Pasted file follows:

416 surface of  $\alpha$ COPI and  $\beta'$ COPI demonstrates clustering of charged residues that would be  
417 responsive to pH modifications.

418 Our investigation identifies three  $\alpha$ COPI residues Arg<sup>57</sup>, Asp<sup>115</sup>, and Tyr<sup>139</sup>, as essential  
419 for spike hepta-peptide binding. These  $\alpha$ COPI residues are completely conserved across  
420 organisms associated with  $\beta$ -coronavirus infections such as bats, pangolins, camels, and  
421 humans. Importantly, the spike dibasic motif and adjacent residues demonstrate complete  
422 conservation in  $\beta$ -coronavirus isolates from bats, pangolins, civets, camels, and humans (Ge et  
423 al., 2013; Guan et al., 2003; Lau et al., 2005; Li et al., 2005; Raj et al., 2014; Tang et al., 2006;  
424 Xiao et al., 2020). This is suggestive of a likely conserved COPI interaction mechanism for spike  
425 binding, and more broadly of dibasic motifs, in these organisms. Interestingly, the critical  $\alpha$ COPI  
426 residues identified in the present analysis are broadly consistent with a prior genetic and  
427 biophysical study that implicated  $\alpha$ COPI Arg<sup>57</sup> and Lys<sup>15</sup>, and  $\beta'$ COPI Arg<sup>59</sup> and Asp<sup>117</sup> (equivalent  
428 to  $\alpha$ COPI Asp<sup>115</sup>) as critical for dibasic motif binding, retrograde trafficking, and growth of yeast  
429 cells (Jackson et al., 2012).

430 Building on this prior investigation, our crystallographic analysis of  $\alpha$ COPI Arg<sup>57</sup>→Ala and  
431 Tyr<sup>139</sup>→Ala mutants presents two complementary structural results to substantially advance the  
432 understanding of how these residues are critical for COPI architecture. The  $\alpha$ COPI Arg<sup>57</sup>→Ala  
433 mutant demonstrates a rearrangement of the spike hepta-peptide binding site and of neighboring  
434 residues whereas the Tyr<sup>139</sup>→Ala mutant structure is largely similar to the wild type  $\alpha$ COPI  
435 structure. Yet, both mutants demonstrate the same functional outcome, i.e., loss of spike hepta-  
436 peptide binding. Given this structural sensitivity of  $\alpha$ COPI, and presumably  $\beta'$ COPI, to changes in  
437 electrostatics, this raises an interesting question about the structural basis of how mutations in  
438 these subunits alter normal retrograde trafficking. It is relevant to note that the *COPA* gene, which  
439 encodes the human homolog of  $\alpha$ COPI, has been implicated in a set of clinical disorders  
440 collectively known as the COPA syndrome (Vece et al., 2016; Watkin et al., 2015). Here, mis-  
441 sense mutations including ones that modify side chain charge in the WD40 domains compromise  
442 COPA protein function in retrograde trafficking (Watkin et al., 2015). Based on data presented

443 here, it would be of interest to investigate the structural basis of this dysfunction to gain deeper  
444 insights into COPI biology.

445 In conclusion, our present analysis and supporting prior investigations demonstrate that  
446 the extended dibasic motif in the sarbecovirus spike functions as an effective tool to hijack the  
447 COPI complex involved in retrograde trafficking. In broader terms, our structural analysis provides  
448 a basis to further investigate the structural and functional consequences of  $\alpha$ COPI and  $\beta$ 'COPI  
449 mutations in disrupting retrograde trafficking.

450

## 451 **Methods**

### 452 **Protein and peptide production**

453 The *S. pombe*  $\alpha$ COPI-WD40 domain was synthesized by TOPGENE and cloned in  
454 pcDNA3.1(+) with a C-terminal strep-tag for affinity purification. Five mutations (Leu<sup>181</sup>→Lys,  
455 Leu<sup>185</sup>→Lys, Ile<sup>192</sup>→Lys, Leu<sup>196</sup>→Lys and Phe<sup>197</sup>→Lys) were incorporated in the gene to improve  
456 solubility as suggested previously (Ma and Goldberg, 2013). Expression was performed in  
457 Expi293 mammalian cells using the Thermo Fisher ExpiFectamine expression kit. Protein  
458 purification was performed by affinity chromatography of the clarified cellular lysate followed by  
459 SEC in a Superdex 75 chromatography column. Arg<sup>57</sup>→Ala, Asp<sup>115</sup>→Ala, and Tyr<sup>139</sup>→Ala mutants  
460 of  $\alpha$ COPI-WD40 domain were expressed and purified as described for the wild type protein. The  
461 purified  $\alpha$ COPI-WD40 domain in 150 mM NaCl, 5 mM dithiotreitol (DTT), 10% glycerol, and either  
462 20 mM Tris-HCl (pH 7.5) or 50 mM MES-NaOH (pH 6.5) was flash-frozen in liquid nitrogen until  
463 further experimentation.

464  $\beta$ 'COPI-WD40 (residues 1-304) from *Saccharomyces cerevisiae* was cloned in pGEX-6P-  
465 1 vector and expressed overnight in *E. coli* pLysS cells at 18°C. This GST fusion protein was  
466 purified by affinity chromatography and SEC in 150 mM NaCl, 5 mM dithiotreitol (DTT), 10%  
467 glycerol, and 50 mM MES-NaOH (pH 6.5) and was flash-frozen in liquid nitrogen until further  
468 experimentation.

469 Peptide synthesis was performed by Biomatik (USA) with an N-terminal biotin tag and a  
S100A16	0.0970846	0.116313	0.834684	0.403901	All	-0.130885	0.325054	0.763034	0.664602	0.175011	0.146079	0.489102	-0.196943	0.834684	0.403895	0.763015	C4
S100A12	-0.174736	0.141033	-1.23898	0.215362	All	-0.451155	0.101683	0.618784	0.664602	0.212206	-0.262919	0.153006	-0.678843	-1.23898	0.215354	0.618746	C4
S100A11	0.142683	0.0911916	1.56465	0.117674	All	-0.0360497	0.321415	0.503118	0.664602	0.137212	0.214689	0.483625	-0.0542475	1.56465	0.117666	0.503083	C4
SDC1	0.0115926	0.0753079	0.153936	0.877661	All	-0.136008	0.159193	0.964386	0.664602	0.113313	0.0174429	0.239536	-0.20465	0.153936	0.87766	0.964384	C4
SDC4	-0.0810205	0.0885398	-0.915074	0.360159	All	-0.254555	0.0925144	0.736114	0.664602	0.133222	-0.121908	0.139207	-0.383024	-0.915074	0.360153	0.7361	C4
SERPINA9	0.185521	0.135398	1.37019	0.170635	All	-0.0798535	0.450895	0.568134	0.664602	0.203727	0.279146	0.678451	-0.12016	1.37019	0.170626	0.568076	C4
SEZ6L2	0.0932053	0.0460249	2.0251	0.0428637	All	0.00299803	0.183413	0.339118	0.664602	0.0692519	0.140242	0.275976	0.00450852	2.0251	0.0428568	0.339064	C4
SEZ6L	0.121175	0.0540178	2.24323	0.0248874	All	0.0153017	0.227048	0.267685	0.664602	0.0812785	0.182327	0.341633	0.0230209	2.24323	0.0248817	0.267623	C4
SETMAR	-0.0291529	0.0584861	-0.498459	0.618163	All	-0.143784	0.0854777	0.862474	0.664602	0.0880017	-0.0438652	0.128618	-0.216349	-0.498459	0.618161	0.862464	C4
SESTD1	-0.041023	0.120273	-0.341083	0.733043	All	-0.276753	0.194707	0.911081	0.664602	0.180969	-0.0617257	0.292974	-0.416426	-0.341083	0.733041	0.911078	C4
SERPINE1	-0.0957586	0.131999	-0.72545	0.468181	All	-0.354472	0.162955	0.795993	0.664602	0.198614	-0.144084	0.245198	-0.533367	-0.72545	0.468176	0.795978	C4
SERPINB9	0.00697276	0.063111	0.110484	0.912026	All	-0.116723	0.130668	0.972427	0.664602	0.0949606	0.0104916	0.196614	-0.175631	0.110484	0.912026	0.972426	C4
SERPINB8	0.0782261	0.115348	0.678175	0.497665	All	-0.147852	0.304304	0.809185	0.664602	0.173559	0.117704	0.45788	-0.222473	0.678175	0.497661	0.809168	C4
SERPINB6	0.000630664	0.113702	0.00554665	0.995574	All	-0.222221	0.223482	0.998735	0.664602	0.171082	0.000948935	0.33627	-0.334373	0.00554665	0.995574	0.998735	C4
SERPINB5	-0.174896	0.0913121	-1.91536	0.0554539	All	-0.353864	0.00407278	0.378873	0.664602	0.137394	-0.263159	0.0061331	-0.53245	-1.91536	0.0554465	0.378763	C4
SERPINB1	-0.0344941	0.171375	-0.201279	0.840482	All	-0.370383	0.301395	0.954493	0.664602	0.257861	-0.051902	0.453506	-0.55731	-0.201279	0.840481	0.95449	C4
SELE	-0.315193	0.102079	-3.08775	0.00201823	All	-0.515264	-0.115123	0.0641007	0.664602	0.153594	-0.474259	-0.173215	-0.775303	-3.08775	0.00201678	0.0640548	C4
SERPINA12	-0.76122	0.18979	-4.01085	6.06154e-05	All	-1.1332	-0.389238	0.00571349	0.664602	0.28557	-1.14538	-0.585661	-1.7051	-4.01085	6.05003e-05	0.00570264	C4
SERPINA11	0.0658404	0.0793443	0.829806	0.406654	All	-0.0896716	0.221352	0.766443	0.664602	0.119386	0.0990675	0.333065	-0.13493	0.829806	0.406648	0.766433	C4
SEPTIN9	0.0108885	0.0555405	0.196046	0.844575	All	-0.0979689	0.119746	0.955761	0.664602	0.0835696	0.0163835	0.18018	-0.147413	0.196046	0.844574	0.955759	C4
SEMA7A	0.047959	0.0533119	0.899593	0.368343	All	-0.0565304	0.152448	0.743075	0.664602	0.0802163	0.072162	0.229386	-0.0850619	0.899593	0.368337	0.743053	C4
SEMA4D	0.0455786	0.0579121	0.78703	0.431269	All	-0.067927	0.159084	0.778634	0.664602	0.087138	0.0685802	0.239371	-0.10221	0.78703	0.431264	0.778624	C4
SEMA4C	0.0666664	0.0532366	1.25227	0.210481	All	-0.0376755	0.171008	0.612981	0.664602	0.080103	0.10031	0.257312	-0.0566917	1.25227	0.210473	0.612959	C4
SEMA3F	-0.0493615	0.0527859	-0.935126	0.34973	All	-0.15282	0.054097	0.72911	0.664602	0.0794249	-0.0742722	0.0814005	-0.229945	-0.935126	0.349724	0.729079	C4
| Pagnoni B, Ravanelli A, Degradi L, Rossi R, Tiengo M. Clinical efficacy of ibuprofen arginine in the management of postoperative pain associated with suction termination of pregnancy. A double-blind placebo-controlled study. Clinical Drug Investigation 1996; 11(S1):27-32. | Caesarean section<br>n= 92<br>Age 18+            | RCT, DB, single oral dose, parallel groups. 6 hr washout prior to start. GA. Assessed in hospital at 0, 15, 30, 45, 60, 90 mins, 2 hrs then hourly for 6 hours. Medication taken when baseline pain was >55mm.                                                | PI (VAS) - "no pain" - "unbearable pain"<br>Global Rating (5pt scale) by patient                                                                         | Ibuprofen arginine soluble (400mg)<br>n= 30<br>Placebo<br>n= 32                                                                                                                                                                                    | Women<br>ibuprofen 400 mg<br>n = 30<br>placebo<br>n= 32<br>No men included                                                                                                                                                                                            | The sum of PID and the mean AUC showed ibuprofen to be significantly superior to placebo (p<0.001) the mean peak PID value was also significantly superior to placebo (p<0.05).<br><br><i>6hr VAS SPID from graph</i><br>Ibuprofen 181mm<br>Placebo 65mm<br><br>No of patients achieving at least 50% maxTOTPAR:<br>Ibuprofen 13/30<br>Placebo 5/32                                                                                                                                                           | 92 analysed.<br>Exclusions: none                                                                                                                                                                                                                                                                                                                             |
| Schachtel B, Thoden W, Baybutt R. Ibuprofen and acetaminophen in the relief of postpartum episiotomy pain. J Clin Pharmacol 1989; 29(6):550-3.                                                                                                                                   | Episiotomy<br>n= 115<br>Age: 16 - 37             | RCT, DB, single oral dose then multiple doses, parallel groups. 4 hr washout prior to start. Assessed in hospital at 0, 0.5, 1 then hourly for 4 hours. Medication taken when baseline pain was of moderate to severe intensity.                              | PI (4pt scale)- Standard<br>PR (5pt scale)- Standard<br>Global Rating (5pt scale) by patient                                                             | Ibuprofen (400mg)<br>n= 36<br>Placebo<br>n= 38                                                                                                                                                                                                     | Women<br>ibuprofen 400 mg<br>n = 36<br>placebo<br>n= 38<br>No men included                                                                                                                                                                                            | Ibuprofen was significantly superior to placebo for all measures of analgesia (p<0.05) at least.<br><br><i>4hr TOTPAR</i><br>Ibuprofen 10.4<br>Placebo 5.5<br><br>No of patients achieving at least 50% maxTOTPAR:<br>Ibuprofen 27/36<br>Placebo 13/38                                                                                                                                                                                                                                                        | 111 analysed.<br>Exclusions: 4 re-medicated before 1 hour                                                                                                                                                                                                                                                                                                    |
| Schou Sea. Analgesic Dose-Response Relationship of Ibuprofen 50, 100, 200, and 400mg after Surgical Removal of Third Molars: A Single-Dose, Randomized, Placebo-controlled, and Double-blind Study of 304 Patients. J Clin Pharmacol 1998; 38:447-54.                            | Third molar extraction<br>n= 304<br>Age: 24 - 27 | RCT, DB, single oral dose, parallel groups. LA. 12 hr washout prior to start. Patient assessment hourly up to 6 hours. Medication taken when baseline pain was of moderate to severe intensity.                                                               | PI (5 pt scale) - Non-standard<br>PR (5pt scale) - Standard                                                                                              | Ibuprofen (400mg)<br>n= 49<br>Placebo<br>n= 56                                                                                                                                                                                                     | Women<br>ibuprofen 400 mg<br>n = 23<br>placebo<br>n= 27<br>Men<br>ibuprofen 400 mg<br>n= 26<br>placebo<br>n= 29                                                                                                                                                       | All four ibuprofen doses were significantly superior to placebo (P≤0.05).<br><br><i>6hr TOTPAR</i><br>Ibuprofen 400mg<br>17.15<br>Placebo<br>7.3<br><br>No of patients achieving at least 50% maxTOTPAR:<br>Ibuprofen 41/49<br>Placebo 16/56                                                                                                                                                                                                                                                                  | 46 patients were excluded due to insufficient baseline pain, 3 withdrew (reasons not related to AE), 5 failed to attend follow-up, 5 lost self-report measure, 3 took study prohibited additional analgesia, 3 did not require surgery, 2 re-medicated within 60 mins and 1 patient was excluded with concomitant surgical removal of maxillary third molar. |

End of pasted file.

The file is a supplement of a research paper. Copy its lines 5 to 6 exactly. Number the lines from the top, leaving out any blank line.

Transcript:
420 organisms associated with  $\beta$ -coronavirus infections such as bats, pangolins, camels, and  
421 humans. Importantly, the spike dibasic motif and adjacent residues demonstrate complete  